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When Coyotes Kill
It’s a frightful thought. You’re playing fetch with your dog. He retrieves the ball, brings it back, retrieves the ball, brings it back. And then one time, he doesn’t bring it back; he disappears. You look for him behind your house; you look for him down the street. And then you get a call from your neighbor: “Your dog is here and he’s torn up pretty good.” It’s nighttime, so you drive to Reno to the emergency vet facility. You’re thinking the neighborhood pit bulls must have attacked your dog, but the vet guesses otherwise. Coyote. The next day you take your dog to the local vet and he confirms the same thing, “The puncture wounds look like they’re from a coyote.” In the end, your dog dies, and from what you’ve been led to believe by two veterinarians, it’s possible he died by the grip of a Canas latrans.
This terrible event occurred in late May to John and Candy Fish, who live at the east end of Donner Lake. Their dog, Bear, was a small border collie weighing approximately 30 pounds, and although he was 16 years old, he was still very active.
“It was awful,” said John. “People need to know about these events. There’s also been a lot of signs for missing cats, so you gotta wonder if coyotes are killing them, too. Especially this summer, we’ve been hearing the coyotes howling at night, and my neighbor sees them often at 6 a.m.”
Truckee Animal Control relayed two other incidents this summer, both in Tahoe Donner, one at dawn and the other at dusk, common times for coyotes to wander. One small dog was observed being taken by a coyote, never to return. The other dog was observed being taken by a coyote that was eventually scared away, leaving the pet with puncture wounds in its neck. This summer there have also been several coyote sightings in the Tahoe Vista park area, including one incident in which a small dog was taken while on a leash. I will never forget the story of my friend who, early one morning two years ago, encountered approximately six coyotes in Martis Valley moving toward her and her young dog in an aggressive manner. After leashing her dog and yelling at the coyotes and throwing rocks at them, she ran back to her car, deciding never again to walk in the valley at dawn.
We dog (and cat) owners tend to think of these frightening scenes as isolated incidents. But are they?
In my research concerning coyotes attacking cats and dogs, I found some of the most common phrases used by the Agriculture Commissioners Office, Placer County Animal Control, Truckee Animal Control, and the U.S. Forest Service to be “not uncommon” and “coyotes are extremely opportunistic.” If coyotes see an opportunity to obtain food, they will not hesitate to seize the prey.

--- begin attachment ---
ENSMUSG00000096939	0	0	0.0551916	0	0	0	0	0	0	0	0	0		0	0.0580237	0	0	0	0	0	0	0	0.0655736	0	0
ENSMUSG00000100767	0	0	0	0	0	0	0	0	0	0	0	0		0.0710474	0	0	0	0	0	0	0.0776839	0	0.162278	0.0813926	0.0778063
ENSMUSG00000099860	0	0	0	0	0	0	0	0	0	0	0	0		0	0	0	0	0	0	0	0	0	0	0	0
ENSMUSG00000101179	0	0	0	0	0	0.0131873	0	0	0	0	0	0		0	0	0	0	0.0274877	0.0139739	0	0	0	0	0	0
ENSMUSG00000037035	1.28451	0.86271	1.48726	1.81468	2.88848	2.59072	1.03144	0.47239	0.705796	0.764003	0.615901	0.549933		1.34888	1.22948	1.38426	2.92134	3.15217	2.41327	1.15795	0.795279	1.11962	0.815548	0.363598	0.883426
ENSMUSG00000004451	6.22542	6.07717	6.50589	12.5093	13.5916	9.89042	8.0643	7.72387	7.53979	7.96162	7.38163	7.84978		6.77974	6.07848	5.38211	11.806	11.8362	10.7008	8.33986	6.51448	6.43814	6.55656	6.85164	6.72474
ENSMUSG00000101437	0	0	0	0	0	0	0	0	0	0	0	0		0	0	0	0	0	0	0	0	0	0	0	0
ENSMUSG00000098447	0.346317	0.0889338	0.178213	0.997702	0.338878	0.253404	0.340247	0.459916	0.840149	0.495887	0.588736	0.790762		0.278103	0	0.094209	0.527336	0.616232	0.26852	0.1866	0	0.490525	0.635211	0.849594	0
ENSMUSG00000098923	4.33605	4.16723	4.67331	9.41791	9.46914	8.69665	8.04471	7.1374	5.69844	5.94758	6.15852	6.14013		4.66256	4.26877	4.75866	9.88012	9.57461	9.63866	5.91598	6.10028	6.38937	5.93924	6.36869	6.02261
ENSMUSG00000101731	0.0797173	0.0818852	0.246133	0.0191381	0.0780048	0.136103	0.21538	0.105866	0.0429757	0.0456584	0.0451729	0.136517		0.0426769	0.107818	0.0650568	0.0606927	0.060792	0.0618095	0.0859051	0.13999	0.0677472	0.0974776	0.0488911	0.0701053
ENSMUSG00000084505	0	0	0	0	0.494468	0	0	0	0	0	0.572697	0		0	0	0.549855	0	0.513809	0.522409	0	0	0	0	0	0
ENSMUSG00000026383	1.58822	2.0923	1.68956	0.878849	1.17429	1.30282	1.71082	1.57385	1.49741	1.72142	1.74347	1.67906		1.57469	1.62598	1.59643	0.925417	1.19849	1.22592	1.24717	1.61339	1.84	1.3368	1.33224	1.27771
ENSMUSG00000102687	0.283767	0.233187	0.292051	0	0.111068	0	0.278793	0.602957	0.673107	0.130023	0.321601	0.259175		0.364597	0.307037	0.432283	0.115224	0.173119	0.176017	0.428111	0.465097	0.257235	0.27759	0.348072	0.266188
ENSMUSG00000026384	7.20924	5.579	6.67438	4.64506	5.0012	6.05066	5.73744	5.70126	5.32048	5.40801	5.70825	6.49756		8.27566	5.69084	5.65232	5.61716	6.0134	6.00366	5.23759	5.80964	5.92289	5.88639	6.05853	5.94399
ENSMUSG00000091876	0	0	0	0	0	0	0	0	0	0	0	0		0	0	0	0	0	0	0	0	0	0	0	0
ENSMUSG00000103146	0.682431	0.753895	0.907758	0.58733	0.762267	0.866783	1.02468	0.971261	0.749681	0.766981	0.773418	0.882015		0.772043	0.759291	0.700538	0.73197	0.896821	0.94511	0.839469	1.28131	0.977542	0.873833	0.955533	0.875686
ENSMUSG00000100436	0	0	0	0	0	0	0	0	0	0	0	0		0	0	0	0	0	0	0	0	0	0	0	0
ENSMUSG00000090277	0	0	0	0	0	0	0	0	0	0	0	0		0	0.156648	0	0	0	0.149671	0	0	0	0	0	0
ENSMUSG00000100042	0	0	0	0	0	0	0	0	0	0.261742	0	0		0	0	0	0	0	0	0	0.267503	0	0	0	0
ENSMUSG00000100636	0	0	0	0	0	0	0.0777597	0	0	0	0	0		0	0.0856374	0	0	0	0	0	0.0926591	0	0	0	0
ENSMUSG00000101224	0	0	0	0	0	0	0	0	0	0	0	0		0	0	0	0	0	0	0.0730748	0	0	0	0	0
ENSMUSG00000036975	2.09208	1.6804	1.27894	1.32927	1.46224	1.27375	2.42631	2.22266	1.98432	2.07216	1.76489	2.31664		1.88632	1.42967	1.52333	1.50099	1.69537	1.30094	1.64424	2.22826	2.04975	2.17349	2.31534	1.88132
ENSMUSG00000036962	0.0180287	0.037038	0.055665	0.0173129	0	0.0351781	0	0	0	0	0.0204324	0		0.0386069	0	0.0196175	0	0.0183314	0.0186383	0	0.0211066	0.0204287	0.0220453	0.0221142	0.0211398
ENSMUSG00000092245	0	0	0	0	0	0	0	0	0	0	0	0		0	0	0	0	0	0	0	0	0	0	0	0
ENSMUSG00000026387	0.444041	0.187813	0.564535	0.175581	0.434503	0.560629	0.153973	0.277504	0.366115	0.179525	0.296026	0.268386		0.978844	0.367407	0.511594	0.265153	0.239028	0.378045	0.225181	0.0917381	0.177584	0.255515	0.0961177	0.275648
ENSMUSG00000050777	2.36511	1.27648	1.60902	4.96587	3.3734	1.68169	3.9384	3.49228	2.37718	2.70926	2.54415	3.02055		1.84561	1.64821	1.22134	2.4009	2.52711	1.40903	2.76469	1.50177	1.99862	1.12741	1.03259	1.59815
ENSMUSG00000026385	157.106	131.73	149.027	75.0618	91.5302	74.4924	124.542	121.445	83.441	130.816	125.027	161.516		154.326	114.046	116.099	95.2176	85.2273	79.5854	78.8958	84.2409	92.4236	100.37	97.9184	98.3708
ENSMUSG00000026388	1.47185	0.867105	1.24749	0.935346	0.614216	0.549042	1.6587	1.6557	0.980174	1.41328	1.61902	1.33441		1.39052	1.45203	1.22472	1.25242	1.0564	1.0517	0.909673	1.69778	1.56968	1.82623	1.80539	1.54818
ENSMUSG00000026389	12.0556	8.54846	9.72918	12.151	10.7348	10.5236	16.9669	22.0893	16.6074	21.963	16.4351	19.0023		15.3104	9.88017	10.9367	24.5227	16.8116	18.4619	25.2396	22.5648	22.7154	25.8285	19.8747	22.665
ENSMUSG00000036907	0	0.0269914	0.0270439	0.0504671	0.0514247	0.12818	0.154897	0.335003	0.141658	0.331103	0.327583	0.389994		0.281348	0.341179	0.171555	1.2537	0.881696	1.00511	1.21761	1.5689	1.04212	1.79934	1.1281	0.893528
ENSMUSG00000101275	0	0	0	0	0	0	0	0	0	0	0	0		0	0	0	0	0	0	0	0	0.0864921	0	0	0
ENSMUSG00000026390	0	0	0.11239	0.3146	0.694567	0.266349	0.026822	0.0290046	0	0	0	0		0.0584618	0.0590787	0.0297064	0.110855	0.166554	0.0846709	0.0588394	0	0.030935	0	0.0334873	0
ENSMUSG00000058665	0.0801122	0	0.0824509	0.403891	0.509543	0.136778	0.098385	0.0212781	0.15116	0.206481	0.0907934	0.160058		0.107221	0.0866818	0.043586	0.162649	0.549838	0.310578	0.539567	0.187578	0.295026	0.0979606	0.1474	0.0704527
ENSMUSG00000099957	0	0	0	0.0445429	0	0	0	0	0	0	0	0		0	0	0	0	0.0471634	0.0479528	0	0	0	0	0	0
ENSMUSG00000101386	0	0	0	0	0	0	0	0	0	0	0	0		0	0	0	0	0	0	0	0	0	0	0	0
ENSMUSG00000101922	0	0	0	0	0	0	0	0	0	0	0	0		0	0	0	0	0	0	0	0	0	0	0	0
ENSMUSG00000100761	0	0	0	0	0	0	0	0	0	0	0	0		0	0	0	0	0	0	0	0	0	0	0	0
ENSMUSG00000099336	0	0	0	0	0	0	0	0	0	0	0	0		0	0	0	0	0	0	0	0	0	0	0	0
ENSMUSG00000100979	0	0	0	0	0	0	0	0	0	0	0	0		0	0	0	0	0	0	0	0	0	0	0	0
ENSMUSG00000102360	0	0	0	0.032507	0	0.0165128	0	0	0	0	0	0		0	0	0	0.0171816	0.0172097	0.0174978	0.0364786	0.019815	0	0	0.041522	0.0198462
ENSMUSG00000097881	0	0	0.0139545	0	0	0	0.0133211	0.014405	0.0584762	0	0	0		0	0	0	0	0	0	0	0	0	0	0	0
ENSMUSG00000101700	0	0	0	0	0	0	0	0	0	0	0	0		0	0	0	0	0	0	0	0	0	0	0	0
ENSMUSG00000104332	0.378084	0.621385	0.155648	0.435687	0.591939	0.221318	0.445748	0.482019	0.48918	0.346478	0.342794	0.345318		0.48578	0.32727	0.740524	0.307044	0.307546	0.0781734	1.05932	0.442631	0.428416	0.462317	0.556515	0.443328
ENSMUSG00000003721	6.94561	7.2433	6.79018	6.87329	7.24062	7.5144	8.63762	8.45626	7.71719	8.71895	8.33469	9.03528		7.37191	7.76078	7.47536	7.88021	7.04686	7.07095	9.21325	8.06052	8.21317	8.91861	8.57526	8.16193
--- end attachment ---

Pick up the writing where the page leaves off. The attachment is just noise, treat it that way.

What can we do to avoid these not uncommon snatchings? Kris Boatner, wildlife biologist/natural resources officer of the Truckee Ranger District, offered some tips on how best to cohabitate with coyotes. First, recognize that we live in the coyote’s natural habitat. Because coyotes are adaptable, they will sometimes live right underneath our noses in drainages or in small green patches near our homes. Coyotes are omnivores and predators, so in the wild they eat berries, fruit, and carrion, and will hunt mice, voles, squirrels, rabbits, ground-nesting birds, and even a small fawn. In packs they can hunt full-grown deer. In our neighborhoods, we present all sorts of meals for them: discarded scraps in compost piles, bowls of dog and cat food, bird seed in bird feeders that attract chipmunks and squirrels, and thus coyotes. Obviously, to prevent such temptations we need to cover our compost, manage our trash, feed our pets indoors, and eliminate bird feeders. And, of course, it’s never wise to feed wildlife intentionally. While coyotes are not necessarily known to be climbers, they can scale a fence as tall as 4 to 5 feet in order to get the prey on the other side, according to Boatner.
We hear a lot of bear stories in Tahoe and are well educated on what to do and not to do with black bears, but we don’t hear much about coyotes. Boatner suggests that, just as we do with bears, we make coyotes uncomfortable in the presence of humans. Keep food inside the house, leave small dogs and cats in the house when you’re not home, and if you see a coyote in your neighborhood, stand tall, wave your arms, and yell and bang pots. Coyotes are intimidated by humans, for the most part, so let them know they’re not welcome. Lastly, if you witness a coyote injuring or killing a pet, report the incident to your local animal control center.
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